This banner, in contrast, was made by Alex Augunas (me) in a vector program. Note that cleaning up the ysoki image was kinda choppy and the angle on the Starfinder Galactic Exploration Manual is a little less precise. However, you can 100% TELL that is the GEM hardcover because I used the program’s vector tools to convert a photo of the book into a vector that I could then scale to whatever size I wanted. That means the color palette of the book is still very much recognizable; you can even make out the color of the Starfinder logo when a raster program would have pixelated it!

So, with that introduction out of the way, let’s talk briefly about the different types of Graphic Editing programs you can find out there!

Adobe Photoshop (Raster) / Illustrator (Vector)

Adobe Photoshop is like the Kleenex of art programs; everyone’s heard of it and the term Photoshop is synonymous with graphic editing. Illustrator is also great too, but it’s definitely less well-known than its cousin.

  • Pros and Cons: Literally the same as with Adobe InDesign. It’s the industry standard and has state-of-the-art features, but it literally costs over $50 a month or about $600 a year.

Affinity Photo (Raster) / Designer (Vector)

If you’re willing to pay but Adobe’s price point is too much for you, Affinity is a GREAT option!

  • Pros and Cons: Literally the same as with Affinity Publisher. You gotta pay more upfront, but buying all three is literally a quarter of the yearly price of Adobe, and you pay that price once.

 Gimp (Raster)

Gimp is kind of like the Scribus of raster graphics editing. It’s a free option that’s actually pretty popular.

  • Pro: It’s free. AND DOESN’T HAVE ADS!
  • Pro: It has many advanced layer options.
  • Cons: The UI is pretty cluttered and outdated, and the system doesn’t differentiate brush presets well.
  • Cons: GIMP Doesn’t have strong drawing capabilities. It’s photo editing exclusively.

Inkscape (Vector)

Inkscape is the Scribus of vector graphics editing. It’s a free option that’s actually pretty popular.

Lightning Round!

There are TONS of useful tools you might want, bot the two things we talked about are by far the most important. I’m going to finish this article by listing a few more things that “might” help you. Ready? Let’s go!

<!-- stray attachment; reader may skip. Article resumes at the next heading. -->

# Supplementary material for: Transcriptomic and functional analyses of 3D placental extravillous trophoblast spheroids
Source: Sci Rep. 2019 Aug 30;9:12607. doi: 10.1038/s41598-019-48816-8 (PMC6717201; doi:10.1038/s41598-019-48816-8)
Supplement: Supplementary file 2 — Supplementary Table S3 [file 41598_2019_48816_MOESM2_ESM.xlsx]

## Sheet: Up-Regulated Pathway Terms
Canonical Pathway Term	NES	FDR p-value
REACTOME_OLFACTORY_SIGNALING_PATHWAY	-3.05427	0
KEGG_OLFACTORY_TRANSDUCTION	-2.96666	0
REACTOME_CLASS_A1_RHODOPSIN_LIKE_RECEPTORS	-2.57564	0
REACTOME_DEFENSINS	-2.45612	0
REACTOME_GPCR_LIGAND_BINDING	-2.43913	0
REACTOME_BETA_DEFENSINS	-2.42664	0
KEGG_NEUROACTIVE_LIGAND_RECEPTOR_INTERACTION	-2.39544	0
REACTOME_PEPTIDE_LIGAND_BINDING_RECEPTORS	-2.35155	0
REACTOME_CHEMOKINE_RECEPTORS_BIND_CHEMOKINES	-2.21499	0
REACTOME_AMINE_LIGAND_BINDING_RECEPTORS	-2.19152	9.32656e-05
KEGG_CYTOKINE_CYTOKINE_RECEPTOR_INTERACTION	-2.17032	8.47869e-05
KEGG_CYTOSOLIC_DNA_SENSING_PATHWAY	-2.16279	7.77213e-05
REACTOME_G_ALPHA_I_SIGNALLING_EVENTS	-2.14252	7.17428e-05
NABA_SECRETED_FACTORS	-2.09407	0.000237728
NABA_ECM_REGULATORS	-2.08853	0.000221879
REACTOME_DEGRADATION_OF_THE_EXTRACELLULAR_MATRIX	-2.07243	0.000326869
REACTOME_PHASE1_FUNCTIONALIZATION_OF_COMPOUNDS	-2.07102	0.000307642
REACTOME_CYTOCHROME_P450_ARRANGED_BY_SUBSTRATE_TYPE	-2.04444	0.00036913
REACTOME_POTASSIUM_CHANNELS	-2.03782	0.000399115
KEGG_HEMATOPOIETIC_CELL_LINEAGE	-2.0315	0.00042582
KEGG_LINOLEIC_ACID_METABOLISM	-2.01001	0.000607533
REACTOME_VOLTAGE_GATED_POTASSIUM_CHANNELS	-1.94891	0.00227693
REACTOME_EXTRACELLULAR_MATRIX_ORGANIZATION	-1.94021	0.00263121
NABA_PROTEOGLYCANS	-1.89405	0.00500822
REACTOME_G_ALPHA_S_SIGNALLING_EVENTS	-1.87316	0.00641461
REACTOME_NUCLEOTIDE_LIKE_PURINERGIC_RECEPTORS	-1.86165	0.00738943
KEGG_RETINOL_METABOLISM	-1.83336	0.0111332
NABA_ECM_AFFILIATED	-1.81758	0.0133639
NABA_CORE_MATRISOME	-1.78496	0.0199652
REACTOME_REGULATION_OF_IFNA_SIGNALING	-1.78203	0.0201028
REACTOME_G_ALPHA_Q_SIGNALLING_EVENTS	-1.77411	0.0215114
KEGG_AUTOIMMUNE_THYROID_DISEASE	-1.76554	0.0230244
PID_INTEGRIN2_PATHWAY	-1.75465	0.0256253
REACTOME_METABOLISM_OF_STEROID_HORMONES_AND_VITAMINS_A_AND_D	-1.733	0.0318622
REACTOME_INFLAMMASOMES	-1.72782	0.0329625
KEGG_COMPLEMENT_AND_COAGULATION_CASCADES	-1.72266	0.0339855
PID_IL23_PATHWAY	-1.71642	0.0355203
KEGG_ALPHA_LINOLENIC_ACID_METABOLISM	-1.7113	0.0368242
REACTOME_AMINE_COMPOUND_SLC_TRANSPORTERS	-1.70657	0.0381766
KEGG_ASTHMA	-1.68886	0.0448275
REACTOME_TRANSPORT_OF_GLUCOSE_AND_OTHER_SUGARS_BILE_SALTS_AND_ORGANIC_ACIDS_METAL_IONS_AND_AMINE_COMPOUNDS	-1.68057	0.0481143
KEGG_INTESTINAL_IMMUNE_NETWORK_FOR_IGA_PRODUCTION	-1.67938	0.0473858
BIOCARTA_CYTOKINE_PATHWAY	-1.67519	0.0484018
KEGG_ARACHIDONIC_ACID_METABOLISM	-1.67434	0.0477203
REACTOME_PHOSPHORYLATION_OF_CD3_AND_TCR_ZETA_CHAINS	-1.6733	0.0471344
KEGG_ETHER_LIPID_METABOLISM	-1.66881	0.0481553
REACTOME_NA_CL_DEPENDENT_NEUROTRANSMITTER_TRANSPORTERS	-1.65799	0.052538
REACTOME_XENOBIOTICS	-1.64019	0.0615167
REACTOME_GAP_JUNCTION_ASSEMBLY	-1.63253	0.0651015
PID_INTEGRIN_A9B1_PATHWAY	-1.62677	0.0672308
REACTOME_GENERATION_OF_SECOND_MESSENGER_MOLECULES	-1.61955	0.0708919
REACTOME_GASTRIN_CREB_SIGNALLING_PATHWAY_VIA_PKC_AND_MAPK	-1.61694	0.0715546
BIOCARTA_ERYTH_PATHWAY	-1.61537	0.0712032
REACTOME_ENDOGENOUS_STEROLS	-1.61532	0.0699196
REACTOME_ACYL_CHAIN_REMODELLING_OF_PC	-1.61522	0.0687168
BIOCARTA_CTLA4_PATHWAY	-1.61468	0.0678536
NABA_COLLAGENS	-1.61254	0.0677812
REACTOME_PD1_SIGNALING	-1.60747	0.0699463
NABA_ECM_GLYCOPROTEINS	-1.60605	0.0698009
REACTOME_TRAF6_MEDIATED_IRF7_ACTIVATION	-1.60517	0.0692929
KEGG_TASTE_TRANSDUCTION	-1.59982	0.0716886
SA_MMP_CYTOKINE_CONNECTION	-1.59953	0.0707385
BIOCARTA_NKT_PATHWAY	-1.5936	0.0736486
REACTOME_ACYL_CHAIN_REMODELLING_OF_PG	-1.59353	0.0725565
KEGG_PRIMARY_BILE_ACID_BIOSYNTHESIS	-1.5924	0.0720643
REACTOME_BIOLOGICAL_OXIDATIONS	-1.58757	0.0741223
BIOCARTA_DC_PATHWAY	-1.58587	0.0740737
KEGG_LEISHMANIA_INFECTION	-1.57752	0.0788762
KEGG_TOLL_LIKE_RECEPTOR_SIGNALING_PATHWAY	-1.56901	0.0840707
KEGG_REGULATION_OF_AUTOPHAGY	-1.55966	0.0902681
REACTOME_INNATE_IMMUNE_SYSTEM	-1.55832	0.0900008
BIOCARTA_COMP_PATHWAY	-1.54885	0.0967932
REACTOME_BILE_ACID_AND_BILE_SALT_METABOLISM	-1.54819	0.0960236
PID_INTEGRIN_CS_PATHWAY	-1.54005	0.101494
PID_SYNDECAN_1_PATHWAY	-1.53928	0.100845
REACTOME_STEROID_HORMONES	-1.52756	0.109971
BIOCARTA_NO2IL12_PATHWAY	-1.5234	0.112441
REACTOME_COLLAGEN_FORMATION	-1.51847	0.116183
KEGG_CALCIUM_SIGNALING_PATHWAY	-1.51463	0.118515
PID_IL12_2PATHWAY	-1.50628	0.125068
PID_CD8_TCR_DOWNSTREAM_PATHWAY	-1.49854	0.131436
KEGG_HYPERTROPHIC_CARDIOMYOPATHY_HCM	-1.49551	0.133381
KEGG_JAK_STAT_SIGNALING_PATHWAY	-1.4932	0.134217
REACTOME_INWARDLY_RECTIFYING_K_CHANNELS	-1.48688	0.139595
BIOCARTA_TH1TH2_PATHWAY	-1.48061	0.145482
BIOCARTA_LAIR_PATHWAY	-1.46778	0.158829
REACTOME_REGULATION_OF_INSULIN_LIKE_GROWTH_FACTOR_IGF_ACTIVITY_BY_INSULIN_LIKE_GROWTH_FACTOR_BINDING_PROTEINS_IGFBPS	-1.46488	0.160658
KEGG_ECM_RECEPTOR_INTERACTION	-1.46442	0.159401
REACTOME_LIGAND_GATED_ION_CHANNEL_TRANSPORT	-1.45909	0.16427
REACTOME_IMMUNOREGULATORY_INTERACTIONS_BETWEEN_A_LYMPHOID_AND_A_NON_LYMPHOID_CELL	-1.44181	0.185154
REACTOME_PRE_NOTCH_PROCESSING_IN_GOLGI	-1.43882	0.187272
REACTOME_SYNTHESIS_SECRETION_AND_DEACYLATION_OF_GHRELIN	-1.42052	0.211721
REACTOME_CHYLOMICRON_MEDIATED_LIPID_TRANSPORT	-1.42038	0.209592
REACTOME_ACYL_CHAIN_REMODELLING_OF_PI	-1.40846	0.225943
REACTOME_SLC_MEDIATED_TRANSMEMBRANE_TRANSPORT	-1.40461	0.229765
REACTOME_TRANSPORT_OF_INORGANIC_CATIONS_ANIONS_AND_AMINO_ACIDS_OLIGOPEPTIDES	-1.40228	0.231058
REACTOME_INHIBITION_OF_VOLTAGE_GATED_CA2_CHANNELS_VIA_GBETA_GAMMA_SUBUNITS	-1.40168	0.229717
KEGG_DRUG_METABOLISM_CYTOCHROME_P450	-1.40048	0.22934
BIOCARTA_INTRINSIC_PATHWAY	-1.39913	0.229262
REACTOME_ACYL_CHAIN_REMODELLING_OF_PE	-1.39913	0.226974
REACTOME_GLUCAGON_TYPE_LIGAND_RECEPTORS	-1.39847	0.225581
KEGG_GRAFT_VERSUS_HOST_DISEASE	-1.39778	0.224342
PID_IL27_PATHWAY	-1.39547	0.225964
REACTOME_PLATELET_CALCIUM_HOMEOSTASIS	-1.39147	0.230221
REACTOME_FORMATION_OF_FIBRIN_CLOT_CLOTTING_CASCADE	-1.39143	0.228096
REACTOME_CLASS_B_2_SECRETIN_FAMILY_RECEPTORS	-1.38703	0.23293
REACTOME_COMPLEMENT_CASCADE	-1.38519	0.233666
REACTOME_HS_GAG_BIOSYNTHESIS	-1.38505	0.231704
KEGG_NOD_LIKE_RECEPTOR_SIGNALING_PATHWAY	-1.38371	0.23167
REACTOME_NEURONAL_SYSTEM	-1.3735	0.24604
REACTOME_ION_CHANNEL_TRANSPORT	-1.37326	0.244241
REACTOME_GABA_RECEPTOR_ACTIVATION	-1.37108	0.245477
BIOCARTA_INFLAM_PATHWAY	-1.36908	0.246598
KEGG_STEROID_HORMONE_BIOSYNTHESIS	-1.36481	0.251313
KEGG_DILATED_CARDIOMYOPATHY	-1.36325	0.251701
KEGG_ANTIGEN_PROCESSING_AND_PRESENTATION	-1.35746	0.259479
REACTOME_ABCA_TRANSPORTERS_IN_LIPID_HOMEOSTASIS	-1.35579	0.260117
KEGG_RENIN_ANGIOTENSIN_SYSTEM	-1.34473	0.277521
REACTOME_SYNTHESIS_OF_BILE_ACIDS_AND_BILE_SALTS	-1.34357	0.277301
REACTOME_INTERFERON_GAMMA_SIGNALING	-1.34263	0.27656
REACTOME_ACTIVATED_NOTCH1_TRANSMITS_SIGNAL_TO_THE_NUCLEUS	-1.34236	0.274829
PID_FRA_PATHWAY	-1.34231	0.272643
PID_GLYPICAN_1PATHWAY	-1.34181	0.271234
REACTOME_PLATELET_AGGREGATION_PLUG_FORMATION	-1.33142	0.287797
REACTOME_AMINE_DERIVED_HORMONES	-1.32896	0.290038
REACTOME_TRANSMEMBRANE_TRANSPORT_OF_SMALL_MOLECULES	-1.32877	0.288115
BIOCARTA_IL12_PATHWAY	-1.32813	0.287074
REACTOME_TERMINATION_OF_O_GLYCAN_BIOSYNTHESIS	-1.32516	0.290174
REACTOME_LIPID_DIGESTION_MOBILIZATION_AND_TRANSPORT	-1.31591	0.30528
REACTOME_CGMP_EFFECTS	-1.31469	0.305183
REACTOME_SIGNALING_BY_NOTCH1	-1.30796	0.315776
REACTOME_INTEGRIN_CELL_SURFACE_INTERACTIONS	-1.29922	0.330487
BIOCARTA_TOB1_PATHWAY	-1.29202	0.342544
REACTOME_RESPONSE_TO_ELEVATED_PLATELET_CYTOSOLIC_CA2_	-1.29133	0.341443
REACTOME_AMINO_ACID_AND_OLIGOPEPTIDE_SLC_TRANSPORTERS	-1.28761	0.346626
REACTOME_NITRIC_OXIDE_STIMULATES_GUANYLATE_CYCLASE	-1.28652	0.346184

• A SSD (solid state drive). Your fancy new program take a ton of RAM and CPU, so you’re going to want a drive that can process the information fast. A good solid state drive with a good amount of disk space is gonna do that for you; definitely an investment that brought my publishing to the next level when I made it!
  • A good, 24/7 office chair. Yes, don’t bother with a gamer chair. Those chairs aren’t built tough enough. If you plan on doing a lot of writing and spending a lot of time in your chair each day, like Owen K.C. Stephens levels of content creation, you need something that’s strong enough to handle your constant wait and presence. 24/7 chairs are designed for around-the-clock call centers, like for 911 emergencies. I totally recommend them (and I use this one in particular).
  • A Stock Art subscription. It’s REALLY helpful to have licensed stock art you can use to make your products go faster. Pick something with a strong library in your budget and go to town!

Thanks for joining me! I’m Alexander Augunas, and this has been Infinite Possibilities with the Know Direction Network!

Alex Augunas

Alexander "Alex" Augunas is an author and behavioral health worker living outside of Philadelphia in the United States. He has contributed to gaming products published by Paizo, Inc, Kobold Press, Legendary Games, Raging Swan Press, Rogue Genius Games, and Steve Jackson Games, as well as the owner and publisher of Everybody Games (formerly Everyman Gaming). At the Know Direction Network, he is the author of Guidance and a co-host on Know Direction: Beyond. You can see Alex's exploits at, or support him personally on Patreon at